When Covid-19 spread all over the world, all countries started becoming suspicious of China’s role in the discovery of the virus. Many countries raised concerns over the quality of medical equipment that was imported from China to various countries including India. Apart from China’s negative role in the pandemic, Indo-China relations have also been affected by the LAC standoff on their shared borders. As a result, tension mounted in both the countries. #ChineseProductsBoycott started trending on social media and many intellectuals including Sonam Wangchuk supported this campaign.
The big question about this campaign is how are we supposed to boycott Chinese products when we don’t have any alternative for these products? India relies heavily on China for fulfilling its electronic requirements as China is the largest manufacturer of many cost effective products and 70% of these products are imported from China.
China is the market leader in electronics such as laptop, mobiles, computers etc. If you talk about China’s investment in India, China has invested in all major Indian startups: OYO, Zomato, Swiggy, Paytm, Flipkart, Ola cabs etc. We all know that it is difficult to boycott Chinese products as China has a major presence in each and every sector of India, particularly startups.
India’s manufacturing sector is not even competitive enough to cater to the needs of its domestic market, while China is the manufacturing country of the world. The phasing out of importation from China can be done step-by-step by strengthening India’s manufacturing capacity with favorable government policies. India needs to revamp its policies on trade partnerships with China and roll out strategies that fulfil the country’s requirements in a self-reliant fashion.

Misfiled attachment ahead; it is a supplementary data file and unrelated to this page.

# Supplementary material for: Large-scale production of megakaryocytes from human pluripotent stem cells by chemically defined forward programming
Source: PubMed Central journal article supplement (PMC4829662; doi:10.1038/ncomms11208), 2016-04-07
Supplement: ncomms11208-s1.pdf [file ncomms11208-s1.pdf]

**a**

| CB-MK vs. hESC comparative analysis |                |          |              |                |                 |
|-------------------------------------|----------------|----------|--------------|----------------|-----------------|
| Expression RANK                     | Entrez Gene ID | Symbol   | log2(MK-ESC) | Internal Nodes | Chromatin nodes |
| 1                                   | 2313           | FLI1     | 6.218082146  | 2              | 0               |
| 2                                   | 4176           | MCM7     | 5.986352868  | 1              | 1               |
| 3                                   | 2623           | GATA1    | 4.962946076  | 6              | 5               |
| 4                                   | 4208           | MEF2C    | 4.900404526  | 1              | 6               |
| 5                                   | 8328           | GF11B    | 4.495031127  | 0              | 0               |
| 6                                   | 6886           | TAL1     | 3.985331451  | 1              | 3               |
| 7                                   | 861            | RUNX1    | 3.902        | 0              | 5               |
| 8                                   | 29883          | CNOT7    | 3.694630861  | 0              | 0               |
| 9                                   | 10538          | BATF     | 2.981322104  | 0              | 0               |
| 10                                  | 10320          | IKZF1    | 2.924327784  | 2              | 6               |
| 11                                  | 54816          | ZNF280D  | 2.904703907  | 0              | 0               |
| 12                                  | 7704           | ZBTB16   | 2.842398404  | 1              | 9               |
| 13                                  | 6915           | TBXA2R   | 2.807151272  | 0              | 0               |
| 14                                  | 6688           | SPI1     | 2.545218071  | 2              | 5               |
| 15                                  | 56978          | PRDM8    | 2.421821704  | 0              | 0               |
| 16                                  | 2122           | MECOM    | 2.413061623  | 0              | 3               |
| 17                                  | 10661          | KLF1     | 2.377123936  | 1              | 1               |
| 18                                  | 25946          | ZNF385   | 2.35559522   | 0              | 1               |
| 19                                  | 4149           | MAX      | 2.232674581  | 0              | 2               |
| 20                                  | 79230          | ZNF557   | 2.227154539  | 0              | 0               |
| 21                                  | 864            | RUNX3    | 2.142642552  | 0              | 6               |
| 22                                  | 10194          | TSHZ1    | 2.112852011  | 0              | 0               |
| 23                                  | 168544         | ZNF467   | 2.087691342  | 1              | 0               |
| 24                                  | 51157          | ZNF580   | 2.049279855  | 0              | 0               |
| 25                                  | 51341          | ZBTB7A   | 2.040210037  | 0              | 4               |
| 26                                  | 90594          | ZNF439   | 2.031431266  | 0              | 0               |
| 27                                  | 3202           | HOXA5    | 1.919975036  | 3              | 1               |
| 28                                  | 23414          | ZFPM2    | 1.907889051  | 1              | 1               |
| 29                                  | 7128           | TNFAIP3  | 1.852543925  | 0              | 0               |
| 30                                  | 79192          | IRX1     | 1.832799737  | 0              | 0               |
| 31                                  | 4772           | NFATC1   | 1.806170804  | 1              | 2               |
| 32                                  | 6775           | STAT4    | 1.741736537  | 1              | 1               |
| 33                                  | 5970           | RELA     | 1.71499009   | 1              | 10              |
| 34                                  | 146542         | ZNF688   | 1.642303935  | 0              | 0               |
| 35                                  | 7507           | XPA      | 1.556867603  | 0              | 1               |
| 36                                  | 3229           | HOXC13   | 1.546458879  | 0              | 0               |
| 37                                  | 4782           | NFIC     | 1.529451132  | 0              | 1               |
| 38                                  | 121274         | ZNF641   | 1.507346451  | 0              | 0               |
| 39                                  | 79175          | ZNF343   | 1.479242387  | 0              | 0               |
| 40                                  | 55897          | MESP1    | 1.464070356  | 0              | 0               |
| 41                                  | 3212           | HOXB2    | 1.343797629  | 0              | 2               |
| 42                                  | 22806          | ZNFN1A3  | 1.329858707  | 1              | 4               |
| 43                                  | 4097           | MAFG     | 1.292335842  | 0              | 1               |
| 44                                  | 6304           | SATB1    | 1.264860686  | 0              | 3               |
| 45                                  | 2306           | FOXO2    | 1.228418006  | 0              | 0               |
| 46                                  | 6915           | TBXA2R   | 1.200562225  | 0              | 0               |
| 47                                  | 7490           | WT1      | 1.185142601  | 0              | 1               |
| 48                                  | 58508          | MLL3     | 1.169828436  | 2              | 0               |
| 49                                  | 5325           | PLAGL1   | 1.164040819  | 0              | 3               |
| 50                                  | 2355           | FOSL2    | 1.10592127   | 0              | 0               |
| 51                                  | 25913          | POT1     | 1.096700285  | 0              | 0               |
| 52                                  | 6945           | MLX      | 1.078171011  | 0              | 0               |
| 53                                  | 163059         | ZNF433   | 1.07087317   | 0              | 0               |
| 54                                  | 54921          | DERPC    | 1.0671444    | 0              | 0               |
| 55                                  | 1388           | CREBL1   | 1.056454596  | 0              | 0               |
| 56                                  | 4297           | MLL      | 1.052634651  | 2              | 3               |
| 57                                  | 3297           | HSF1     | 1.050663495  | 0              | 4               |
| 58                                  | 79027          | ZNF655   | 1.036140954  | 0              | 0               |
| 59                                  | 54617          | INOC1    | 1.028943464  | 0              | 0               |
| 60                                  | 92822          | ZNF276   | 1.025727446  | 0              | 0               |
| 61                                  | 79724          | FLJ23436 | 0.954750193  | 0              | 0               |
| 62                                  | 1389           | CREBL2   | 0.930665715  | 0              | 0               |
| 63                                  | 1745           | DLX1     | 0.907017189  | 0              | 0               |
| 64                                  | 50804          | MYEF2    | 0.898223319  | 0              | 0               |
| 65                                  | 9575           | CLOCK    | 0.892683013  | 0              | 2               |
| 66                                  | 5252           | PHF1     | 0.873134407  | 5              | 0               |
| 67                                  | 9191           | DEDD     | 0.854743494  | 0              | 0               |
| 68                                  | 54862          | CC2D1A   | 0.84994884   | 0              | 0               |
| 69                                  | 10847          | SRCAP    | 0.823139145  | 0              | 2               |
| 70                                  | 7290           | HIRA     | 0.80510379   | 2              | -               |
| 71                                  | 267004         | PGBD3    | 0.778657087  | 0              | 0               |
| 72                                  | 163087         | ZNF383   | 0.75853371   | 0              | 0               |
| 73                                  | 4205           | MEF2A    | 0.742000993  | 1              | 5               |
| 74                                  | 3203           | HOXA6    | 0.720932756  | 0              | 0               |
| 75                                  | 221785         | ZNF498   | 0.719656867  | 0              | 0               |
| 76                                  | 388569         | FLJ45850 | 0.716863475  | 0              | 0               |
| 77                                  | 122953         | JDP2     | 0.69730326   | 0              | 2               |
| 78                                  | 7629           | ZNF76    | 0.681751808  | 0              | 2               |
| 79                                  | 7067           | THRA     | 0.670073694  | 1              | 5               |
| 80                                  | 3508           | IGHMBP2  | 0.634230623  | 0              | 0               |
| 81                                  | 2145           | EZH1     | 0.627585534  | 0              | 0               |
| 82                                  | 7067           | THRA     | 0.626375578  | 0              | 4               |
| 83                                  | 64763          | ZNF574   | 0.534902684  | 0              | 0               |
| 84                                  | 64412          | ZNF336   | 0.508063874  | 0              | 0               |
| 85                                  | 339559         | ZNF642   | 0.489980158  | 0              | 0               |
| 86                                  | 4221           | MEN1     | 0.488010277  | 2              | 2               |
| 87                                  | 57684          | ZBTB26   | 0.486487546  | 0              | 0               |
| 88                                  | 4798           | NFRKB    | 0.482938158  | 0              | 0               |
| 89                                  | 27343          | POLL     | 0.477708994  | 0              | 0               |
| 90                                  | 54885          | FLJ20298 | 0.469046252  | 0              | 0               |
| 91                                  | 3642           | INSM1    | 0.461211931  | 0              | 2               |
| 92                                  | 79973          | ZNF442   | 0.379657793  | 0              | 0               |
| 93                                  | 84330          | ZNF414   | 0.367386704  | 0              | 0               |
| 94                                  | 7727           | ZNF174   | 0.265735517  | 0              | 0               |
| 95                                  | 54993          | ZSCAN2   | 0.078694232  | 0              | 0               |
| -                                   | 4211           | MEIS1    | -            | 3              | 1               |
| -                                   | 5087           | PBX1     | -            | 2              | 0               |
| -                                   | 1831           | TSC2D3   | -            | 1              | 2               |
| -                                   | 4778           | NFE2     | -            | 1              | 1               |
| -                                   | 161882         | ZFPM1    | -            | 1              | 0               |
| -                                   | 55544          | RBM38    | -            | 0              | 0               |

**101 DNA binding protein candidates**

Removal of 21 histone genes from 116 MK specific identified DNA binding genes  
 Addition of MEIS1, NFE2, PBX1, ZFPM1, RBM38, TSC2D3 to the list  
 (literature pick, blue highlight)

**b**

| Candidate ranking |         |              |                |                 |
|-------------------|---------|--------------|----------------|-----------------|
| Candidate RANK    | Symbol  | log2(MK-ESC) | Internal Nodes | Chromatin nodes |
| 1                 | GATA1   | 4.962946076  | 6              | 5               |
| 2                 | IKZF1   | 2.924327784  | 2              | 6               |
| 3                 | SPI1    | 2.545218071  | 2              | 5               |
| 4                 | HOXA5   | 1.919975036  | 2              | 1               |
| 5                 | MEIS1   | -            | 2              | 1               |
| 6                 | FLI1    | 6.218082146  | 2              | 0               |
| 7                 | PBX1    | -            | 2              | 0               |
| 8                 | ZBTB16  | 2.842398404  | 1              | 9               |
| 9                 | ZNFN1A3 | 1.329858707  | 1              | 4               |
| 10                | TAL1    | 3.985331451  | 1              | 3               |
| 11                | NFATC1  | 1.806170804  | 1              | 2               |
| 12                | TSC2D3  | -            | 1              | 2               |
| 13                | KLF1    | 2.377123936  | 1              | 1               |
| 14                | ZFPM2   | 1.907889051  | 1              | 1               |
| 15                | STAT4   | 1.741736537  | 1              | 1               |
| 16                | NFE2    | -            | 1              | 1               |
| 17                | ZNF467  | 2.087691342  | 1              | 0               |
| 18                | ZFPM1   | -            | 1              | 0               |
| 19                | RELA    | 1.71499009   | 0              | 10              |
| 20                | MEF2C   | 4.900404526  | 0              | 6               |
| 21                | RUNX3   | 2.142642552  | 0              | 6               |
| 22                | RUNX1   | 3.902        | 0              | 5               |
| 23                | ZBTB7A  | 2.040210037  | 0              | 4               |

In my opinion, this campaign is nothing but a political agenda inspired by nationalism. These nationalists have called for a boycott of small Chinese electrical products, but have signed a contract to a Chinese company for the metro construction in Nagpur. This political opportunism must stopped as we are not going anywhere with this approach.
We need a long-term approach and plans. Promoting local brands with competitive prices as alternatives to Chinese products and ‘Vocal for Local’ are good initiatives in this regard. The only practical way to boycott Chinese goods is to deploy an import substitution and produce alternatives at home that are far from ideal, and government policies seems to be counterproductive to this end.